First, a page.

All automotive advertising matters, including established forms such as television, even though “20% of people watching prime-time TV are either drunk or asleep,” quips Jim Farley, Ford Motor Co.'s communications and marketing guru.
While not abandoning traditional media, Farley is spurring a drive to digital, with about 25% of Ford's media buys now going online. About 50% goes to television.
The auto maker's content is on the YouTube video website and such social networking sites as Face Book, Twitter and Flickr. “It has created rich content,” Farley says at a J.D. Power and Associates Internet conference in Las Veagas. “It lets others talk about you, not you talking about you. It has created rich dialogue.”
He adds: “Some companies feel if you have executives doing blogs that's social media. It's not. Social media is giving content to others so they can use it.”
One site, wwwtheFordstory.com, asks owners to create 15 second home-made videos that share a “Ford ah-ha moment,” Farley says.
“One guy said, ‘Hey, you got a cupholder that can handle my Red Bull,’” referring to an energy drink that comes in a small container. Not all contributions are suitable for posting. “Some things we're dealing with,” Farley says of these.
Ford has built a new digital platform and invested heavily in various online marketing efforts.
One is a campaign to revive the brand image of the Taurus, at one time a top-selling sedan. It later got the reputation as a bland “rental” car, because it was in too many fleets but not enough owners' driveways.
Fordvehicles.com is one of the most visited sites among auto shoppers, Farley says. Several new ancillary sites are touting individual brands, such as the Ford Fiesta, a European-built small car that is coming to the U.S.
Ford began a digital pre-launch Fiesta campaign last year. It has created much buzz and heightened name recognition for a car that's not even available to American consumers.
“The Fiesta will probably be a case study in marketing,” says Gary Dilts, senior vice president-automotive for J.D. Power and Associates. “We've never seen such successful pre-launch marketing. We'll see how it sells.”
FiestaMovement.com features the experiences and travels of 100 Americans whom Ford gave Fiestas to drive, asking them to submit videos of their adventures. The auto maker posts the videos on the website.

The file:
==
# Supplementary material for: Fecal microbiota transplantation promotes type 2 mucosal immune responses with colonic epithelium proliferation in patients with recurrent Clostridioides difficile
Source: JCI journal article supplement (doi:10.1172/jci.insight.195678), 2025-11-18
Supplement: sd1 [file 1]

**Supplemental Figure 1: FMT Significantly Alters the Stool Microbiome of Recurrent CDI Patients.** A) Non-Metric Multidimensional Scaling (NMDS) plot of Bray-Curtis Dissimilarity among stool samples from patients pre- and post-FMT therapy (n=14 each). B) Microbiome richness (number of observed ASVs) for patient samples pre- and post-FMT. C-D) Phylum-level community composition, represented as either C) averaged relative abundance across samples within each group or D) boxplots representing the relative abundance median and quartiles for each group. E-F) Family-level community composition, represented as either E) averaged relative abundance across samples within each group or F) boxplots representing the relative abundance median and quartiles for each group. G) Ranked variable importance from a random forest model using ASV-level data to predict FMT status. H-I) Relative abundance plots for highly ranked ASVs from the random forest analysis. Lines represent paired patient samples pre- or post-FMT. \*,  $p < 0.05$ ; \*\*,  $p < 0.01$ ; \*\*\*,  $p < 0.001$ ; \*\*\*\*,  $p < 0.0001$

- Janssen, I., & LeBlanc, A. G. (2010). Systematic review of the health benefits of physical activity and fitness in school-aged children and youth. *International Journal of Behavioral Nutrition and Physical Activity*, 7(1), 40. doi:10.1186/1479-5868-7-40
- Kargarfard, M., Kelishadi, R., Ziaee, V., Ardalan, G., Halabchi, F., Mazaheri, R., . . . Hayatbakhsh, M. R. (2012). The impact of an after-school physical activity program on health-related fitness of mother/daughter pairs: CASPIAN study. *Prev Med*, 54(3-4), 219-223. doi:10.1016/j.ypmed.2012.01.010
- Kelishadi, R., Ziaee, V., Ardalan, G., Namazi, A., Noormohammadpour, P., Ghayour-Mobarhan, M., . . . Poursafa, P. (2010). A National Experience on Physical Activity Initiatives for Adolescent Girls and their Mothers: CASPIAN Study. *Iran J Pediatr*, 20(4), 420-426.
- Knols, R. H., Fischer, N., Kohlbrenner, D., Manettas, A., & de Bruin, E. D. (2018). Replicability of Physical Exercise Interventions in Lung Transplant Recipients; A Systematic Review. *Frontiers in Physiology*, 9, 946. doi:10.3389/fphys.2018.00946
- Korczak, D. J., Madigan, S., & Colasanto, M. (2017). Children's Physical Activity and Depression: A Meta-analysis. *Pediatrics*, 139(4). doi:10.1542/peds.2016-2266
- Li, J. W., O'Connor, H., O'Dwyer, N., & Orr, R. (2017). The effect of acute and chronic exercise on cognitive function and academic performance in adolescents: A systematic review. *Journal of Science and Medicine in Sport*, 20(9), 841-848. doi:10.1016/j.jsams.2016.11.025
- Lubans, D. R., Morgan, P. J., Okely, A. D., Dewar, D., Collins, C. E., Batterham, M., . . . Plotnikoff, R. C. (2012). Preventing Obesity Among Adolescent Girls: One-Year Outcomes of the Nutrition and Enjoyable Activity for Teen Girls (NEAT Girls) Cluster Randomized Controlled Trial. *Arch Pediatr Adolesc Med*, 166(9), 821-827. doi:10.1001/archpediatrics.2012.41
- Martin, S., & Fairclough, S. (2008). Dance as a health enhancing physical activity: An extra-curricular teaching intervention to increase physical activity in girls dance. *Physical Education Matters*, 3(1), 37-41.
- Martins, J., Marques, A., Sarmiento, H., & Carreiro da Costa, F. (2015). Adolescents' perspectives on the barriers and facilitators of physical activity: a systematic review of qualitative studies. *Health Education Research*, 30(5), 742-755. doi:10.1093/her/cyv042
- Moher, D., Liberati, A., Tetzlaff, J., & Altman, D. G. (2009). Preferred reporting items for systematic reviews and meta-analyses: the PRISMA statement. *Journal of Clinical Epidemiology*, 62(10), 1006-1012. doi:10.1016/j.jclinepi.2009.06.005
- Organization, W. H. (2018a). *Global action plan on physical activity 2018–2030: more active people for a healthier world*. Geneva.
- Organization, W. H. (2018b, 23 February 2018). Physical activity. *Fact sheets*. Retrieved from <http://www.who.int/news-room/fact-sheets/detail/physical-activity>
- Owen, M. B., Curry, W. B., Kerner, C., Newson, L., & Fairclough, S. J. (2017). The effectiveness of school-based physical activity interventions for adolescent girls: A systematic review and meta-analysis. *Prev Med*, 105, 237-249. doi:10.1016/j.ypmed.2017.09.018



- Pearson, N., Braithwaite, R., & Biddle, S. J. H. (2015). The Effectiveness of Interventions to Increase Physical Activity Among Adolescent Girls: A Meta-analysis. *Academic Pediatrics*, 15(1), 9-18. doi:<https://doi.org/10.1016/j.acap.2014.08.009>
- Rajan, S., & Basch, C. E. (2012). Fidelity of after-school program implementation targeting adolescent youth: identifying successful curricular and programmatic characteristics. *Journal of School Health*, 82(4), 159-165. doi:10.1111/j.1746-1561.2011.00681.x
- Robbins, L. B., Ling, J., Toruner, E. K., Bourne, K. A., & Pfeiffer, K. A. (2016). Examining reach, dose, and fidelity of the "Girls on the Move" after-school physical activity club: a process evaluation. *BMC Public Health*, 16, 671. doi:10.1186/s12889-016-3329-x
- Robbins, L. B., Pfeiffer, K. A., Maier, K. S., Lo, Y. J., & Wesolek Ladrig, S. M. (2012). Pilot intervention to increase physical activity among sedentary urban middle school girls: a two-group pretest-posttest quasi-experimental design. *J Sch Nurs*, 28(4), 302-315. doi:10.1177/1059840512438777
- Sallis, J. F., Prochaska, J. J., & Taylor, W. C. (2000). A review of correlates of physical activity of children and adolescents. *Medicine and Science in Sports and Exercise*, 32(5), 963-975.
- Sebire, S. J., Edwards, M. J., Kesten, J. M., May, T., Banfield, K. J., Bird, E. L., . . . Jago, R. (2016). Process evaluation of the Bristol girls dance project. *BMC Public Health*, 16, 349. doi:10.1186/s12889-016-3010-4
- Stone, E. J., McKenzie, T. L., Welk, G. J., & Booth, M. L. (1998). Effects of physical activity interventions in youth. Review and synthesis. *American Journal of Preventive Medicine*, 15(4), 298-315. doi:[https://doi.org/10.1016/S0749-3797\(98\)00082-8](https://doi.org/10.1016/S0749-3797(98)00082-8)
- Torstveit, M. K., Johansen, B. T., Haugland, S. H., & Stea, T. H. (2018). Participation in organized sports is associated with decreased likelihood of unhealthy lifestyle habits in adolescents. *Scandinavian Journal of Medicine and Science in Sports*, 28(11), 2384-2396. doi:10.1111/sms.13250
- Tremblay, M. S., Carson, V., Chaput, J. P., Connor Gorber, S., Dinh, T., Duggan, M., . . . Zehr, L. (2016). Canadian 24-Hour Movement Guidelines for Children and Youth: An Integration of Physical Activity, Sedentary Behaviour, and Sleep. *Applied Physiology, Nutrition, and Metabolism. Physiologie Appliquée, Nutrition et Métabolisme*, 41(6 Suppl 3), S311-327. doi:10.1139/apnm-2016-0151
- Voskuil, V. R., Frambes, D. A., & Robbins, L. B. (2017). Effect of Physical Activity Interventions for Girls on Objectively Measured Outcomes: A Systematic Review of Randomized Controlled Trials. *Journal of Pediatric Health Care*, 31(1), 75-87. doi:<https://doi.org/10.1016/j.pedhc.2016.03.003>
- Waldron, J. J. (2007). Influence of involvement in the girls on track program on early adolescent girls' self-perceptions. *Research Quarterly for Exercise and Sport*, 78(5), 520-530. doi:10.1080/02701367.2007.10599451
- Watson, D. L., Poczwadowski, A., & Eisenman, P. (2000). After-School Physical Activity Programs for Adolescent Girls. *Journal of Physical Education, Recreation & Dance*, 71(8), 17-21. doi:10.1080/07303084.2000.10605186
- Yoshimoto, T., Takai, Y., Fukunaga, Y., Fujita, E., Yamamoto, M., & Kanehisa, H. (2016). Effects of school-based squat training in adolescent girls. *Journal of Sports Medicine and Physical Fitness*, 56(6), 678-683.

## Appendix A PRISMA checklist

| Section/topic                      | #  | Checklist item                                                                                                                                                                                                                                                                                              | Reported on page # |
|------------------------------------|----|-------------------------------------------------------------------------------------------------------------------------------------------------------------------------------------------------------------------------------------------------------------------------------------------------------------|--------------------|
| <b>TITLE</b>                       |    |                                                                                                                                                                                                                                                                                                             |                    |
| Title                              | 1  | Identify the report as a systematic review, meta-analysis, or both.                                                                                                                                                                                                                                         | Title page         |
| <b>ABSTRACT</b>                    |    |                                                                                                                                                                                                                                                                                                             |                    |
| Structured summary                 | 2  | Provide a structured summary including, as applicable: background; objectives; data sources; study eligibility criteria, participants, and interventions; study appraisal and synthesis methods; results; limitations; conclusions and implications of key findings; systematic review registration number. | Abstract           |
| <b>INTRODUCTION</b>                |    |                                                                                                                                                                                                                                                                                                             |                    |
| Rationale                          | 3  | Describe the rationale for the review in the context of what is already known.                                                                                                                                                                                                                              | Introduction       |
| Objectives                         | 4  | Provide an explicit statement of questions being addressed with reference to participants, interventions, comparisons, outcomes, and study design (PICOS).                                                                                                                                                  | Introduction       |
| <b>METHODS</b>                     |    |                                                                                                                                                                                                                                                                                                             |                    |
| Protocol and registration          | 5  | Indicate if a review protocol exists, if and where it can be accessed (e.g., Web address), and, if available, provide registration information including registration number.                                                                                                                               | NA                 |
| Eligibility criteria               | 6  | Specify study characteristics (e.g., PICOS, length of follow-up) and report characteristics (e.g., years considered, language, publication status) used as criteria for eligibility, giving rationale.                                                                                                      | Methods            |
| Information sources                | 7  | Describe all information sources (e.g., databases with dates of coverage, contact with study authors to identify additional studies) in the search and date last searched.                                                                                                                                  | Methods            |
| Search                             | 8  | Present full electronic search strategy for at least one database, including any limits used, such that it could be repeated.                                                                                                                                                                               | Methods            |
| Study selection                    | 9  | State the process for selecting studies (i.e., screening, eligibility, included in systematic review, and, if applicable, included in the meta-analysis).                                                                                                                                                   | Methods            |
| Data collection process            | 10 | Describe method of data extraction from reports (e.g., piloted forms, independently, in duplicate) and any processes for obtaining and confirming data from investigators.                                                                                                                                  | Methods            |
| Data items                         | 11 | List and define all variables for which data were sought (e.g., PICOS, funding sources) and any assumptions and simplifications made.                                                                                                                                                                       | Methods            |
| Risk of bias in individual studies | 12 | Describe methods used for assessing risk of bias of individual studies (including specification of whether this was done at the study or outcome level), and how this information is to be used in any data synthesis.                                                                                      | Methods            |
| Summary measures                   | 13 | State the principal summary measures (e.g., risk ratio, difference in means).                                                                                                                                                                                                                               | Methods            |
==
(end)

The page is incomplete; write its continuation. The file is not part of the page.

“We gave them open-ended assignments, but not ones that cause problems or unsafe driving,” Farley says.
One mission was to go into a fast-food restaurant, buy everyone there lunch and then invite them to look at and talk about the Fiesta parked outside.
“Another assignment was to go on a road trip with a tank of gasoline and see how far you could go — but you must run out of gas,” Farley says.
Rich, yet inexpensive online content resulted from such off-beat projects, he says. “We spent only what it cost to lease 100 vehicles. Yes, we've had some accidents and stolen vehicles. But the advantages far outweighed the disadvantages.”
Another eye-opening online effort is an interactive Yahoo ad that lets Internet users digitally configure and customize a Ford Mustang. “So far, we've had 10,000 customized Mustangs saved on the site,” Farley says. “It's the most popular ad on Yahoo.”
Farley has earned high marks at Ford for his creative marketing efforts. But they didn't necessarily start there, say people who worked with Farley when he was at Toyota Motor Sales U.S.A., where he oversaw projects such as pre-launch marketing campaigns for Scion, Toyota's “youth” brand.
“Basically, he took the Scion playbook over to Ford with him,” says a Toyota marketer, who describes Farley as a driven perfectionist.
Digital marketing must grab Internet users, Farley says. “If it is crap content, it gets ignored or discarded.”
A major marketing campaign for a vehicle that isn't even on the market yet “doesn't make sense to some people,” he says. Detractors believe efforts should focus more on car consumers who are closer to an actual purchase.
But Farley insists there's a need to reach people earlier on. Such marketing has its place — and it largely is online.
Not all of Ford's Internet efforts have earned it bragging rights. Farley cites a '07 Mercury Milan campaign that focused too much on fashionably attired people standing next to the car, rather than centering on the car itself.
“We've made mistakes and learned from them,” he says.
A compelling Web presence is important for auto makers and dealers alike, Farley says. But online operations require constant attention. “Dealers who do that will win.”